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Report Highlights Link Between Poverty, Mental Health And Financial Mentoring

The latest Impact Report released by Visionwest Community Trust focuses on the link between poverty and mental health and the positive impact financial mentoring can have on both.

The report, Visionwest Building Financial Capability (BFC) Report: Insights into Financial Hardship and the Impact of Financial Mentors, interviewed current clients of Money Mentors, Visionwest’s financial mentoring service. Of those interviewed, the majority felt the extent of their present poverty such that, when short of money, they would go without items or services most people consider essential. These included medical visits, dental visits, or prescriptions (61%) or food (57%). Others would delay or skip bill payments and debt repayments. Most clients (76%) reported going without two or more of these essential needs and all clients reported having significant levels of debt that needed to be paid off with seven out of ten survey participants having two or more types of debt.

The full Visionwest report can be downloaded -

Poverty and mental health

With this as a backdrop, it’s not surprising that the impact of poverty goes well beyond simply going without certain items. Behind this deprivation, the influence of poverty is such that almost three quarters (74%) of participants felt their financial situation had negatively impacted either their mental health or that of their whānau.

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Mary-Rose, a client of Money Mentors said, “[If not for my Visionwest financial mentor] I doubt I’d be able to cope mentally. Being poor is just so soul-destroying and stressful. When you’re deep in debt, you’re trapped, there’s no way out of it. It’s like being shoved into a little box that you cannot escape from. But that’s in the past now. Because of Visionwest, I’ve got a spring in my step.”

The positive impact of financial mentoring and budgeting

While these trends are concerning, the data shows that, for those clients surveyed in this report, engaging with financial services like Money Mentors has a significant and positive impact resulting in improvements in their financial wellbeing, financial literacy, and mental health.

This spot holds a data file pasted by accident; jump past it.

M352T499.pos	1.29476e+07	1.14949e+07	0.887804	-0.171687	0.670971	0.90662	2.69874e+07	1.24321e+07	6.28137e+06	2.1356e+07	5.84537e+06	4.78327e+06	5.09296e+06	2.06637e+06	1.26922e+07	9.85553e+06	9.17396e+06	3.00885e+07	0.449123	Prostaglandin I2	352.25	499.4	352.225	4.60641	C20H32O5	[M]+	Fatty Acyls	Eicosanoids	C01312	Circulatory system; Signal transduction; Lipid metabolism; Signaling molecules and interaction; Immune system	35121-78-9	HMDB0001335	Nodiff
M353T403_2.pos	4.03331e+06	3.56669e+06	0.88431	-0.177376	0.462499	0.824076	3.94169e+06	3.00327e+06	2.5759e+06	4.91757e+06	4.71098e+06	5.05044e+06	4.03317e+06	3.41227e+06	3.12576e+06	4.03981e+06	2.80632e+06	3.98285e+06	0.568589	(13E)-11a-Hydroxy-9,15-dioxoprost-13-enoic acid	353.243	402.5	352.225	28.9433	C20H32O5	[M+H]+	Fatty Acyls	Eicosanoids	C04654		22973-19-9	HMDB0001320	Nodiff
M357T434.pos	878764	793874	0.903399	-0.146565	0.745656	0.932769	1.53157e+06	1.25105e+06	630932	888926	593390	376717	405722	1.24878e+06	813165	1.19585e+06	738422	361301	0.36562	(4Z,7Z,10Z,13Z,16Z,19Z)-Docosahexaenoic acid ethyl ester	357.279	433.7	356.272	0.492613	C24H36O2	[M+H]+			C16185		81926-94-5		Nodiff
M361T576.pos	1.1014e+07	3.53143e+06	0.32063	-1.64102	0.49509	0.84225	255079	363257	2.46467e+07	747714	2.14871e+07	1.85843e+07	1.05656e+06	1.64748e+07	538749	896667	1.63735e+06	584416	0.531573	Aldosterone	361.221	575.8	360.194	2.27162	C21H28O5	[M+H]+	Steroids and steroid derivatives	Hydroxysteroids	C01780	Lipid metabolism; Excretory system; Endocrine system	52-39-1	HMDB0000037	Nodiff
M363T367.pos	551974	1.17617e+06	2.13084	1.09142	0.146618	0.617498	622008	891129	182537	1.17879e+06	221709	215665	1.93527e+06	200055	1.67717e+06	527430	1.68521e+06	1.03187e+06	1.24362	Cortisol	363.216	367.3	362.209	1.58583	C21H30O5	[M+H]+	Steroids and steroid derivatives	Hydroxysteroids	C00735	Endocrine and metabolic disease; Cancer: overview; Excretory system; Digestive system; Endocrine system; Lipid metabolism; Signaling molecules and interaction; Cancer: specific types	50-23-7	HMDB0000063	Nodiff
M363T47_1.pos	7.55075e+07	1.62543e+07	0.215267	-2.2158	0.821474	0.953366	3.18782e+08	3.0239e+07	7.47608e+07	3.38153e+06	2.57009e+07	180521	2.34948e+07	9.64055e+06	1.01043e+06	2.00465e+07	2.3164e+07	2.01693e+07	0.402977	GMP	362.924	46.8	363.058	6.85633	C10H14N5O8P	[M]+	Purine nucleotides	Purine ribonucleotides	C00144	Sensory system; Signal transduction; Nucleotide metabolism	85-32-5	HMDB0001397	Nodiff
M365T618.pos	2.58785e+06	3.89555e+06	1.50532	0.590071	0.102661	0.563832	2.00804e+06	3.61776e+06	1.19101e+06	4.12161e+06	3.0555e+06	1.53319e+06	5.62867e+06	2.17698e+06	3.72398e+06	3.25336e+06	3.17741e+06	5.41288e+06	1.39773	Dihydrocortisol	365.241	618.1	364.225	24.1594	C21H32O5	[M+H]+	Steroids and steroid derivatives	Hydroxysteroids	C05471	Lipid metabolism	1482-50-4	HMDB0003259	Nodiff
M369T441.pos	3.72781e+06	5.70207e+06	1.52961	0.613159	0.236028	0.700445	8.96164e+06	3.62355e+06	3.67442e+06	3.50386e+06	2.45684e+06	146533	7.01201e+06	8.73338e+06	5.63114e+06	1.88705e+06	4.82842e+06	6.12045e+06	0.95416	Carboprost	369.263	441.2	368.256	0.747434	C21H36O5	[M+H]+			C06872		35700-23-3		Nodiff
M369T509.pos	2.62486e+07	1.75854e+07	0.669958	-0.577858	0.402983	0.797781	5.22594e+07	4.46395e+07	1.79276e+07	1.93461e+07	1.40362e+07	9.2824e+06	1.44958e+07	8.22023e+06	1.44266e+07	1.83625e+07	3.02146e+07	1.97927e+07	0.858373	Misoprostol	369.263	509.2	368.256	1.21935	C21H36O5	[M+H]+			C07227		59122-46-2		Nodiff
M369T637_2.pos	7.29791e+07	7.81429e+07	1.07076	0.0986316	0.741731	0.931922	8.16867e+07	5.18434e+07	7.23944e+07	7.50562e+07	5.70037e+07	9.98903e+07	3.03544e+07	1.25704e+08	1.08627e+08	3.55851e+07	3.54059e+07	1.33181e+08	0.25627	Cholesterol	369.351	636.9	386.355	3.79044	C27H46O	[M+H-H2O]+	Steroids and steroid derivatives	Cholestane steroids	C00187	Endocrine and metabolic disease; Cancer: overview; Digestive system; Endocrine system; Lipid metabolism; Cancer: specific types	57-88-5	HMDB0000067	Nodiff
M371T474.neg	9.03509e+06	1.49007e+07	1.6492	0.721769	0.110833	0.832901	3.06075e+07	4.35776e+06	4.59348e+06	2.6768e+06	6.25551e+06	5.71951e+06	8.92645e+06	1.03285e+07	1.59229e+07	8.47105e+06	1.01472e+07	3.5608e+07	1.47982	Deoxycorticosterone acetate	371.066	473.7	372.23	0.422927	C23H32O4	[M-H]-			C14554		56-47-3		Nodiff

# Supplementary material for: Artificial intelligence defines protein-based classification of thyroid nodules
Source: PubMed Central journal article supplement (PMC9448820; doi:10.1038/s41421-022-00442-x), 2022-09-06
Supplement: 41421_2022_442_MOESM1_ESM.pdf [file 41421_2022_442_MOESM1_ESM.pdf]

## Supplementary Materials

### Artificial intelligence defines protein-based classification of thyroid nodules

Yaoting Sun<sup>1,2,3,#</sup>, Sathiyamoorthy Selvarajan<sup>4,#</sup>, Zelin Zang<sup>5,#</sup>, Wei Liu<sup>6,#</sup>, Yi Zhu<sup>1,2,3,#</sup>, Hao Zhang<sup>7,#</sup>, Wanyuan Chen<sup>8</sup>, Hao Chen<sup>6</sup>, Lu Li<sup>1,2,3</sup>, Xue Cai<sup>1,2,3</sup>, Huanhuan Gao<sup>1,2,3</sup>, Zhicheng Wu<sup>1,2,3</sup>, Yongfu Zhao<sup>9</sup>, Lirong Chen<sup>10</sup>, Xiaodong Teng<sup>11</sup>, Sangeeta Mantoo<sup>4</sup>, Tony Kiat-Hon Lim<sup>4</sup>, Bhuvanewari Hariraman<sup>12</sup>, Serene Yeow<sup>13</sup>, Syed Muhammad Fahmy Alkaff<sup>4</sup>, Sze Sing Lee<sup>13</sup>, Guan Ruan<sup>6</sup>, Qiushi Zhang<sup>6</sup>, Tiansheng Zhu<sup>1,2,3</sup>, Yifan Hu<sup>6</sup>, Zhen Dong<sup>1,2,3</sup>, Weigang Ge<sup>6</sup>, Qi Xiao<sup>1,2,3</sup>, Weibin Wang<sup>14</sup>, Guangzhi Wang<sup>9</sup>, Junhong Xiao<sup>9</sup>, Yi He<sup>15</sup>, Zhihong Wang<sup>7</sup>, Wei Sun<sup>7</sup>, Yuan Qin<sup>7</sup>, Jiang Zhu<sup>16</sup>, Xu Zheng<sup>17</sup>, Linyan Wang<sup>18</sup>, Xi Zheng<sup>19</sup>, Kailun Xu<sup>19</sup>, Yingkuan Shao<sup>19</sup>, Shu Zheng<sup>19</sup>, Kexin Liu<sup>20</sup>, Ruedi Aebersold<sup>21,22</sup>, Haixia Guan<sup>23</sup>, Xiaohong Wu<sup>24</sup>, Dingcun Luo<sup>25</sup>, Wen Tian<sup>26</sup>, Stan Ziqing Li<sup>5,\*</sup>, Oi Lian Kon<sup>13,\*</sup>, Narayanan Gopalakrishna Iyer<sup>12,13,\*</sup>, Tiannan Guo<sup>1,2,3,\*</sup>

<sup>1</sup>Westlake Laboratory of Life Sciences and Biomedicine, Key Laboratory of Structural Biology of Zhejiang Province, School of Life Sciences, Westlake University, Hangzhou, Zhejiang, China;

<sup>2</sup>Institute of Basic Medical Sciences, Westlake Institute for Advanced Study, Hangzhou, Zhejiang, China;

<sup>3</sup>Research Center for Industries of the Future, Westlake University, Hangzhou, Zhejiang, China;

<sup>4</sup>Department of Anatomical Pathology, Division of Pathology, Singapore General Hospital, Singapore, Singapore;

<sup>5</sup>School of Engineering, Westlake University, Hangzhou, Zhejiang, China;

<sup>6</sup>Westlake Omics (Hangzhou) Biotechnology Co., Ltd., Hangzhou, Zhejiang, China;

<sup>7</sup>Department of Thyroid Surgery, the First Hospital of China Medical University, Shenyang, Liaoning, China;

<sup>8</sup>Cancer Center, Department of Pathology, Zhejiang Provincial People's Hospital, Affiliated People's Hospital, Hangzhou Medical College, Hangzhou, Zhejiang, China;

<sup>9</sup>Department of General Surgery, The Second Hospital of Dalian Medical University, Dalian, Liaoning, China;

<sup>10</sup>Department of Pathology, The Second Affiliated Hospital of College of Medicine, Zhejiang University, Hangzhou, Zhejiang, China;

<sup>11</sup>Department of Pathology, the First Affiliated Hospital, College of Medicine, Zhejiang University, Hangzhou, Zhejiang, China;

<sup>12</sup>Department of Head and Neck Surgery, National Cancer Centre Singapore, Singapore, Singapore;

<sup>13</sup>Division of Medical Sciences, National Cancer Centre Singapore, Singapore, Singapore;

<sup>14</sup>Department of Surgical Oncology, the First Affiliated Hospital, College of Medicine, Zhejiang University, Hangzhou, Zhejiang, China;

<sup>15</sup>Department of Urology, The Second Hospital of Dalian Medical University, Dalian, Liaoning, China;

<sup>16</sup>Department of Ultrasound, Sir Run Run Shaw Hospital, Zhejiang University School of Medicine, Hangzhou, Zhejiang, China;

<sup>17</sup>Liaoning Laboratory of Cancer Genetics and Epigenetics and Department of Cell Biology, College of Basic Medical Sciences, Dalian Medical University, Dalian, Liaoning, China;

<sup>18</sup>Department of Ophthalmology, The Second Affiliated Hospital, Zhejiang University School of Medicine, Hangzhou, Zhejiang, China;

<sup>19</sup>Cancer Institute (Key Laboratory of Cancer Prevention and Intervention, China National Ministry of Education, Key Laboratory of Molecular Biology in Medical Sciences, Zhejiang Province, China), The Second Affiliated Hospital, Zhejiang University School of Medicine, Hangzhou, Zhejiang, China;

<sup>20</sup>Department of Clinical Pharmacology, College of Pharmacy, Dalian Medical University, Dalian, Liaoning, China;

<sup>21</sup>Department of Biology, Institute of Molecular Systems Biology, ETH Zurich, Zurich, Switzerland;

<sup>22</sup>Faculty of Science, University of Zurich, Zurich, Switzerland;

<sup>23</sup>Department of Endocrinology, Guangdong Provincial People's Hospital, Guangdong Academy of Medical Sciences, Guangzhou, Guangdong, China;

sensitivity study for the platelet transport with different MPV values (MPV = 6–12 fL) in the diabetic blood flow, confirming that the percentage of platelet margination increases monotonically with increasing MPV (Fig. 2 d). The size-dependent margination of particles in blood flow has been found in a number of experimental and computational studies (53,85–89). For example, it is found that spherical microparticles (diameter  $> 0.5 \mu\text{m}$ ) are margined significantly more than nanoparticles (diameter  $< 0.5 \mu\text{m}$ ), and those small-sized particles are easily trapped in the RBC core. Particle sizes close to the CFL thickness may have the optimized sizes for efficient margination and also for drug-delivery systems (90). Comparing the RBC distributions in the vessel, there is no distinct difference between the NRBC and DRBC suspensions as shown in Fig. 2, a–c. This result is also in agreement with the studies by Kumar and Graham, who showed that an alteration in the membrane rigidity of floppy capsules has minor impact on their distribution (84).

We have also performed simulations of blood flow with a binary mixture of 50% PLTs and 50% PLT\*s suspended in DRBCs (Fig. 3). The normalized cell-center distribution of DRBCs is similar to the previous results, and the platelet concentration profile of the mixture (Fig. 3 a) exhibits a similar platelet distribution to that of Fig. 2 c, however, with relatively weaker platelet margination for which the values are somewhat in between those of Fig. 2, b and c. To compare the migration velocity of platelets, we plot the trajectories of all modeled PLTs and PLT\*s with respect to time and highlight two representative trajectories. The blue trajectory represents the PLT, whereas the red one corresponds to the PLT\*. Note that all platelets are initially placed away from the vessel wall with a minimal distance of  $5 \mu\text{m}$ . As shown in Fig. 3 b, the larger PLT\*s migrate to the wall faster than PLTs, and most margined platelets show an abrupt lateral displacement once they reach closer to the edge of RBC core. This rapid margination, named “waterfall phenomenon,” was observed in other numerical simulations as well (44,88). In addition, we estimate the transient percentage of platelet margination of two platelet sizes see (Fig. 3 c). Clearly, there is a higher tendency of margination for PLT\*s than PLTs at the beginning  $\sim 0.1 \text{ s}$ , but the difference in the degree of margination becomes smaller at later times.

Participants in the Money Mentors Survey concurred with Mary-Rose (above). The survey revealed that:

  • All clients reported that their mental health (or that of their whānau) had been positively affected through meeting with a financial mentor from Money Mentors.
  • All clients reported a sense of achievement regarding their financial situation through meeting with Money Mentors.
  • Almost all clients reported having future financial aspirations. This is evidence of a breakthrough in financial goalsetting as a key outcome of service engagement.

The way ahead

The report’s findings are sobering as one considers the negative impact that financial hardship has on both the mental and physical health of those experiencing it and the ultimate effect on wider society.

However, the report also points to an answer and affirms the effectiveness of budgeting and financial mentoring programmes throughout Aotearoa New Zealand. Visionwest, as a result of this study would encourage:

  1. Further investigation and investment into understanding the size, scope and complexities associated with financial hardship in Aotearoa.
  2. Further investigation into the scope, size, and role of the BFC sector and the importance of financial mentoring services to address rising financial need.
  3. Further research and evaluation into the associated impact of financial hardship on physical health, mental health, and other quality of life factors.

The full Visionwest report can be downloaded -


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